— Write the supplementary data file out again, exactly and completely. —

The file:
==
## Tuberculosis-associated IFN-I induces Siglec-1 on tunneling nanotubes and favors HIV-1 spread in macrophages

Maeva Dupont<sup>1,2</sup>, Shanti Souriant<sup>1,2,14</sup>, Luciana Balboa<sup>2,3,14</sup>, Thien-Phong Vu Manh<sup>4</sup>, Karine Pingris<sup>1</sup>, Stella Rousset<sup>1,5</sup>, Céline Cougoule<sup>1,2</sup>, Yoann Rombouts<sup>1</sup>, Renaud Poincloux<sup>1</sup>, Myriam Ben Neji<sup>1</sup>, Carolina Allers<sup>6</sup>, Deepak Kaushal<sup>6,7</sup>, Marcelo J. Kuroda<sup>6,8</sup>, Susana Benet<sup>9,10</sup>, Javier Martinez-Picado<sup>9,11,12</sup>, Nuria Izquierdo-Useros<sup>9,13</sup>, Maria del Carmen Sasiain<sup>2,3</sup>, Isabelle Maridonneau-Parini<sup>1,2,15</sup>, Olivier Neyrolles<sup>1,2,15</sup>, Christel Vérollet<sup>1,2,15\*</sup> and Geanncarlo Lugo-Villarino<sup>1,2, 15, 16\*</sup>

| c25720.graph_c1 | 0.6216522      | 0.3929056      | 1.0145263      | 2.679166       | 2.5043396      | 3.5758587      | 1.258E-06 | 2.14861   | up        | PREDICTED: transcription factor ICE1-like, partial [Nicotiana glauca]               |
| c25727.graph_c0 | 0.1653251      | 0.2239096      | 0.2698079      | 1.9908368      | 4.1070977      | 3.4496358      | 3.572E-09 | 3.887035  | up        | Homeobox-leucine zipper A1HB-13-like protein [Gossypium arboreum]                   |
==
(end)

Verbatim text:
## Tuberculosis-associated IFN-I induces Siglec-1 on tunneling nanotubes and favors HIV-1 spread in macrophages

Maeva Dupont<sup>1,2</sup>, Shanti Souriant<sup>1,2,14</sup>, Luciana Balboa<sup>2,3,14</sup>, Thien-Phong Vu Manh<sup>4</sup>, Karine Pingris<sup>1</sup>, Stella Rousset<sup>1,5</sup>, Céline Cougoule<sup>1,2</sup>, Yoann Rombouts<sup>1</sup>, Renaud Poincloux<sup>1</sup>, Myriam Ben Neji<sup>1</sup>, Carolina Allers<sup>6</sup>, Deepak Kaushal<sup>6,7</sup>, Marcelo J. Kuroda<sup>6,8</sup>, Susana Benet<sup>9,10</sup>, Javier Martinez-Picado<sup>9,11,12</sup>, Nuria Izquierdo-Useros<sup>9,13</sup>, Maria del Carmen Sasiain<sup>2,3</sup>, Isabelle Maridonneau-Parini<sup>1,2,15</sup>, Olivier Neyrolles<sup>1,2,15</sup>, Christel Vérollet<sup>1,2,15\*</sup> and Geanncarlo Lugo-Villarino<sup>1,2, 15, 16\*</sup>

| c25720.graph_c1 | 0.6216522      | 0.3929056      | 1.0145263      | 2.679166       | 2.5043396      | 3.5758587      | 1.258E-06 | 2.14861   | up        | PREDICTED: transcription factor ICE1-like, partial [Nicotiana glauca]               |
| c25727.graph_c0 | 0.1653251      | 0.2239096      | 0.2698079      | 1.9908368      | 4.1070977      | 3.4496358      | 3.572E-09 | 3.887035  | up        | Homeobox-leucine zipper A1HB-13-like protein [Gossypium arboreum]                   |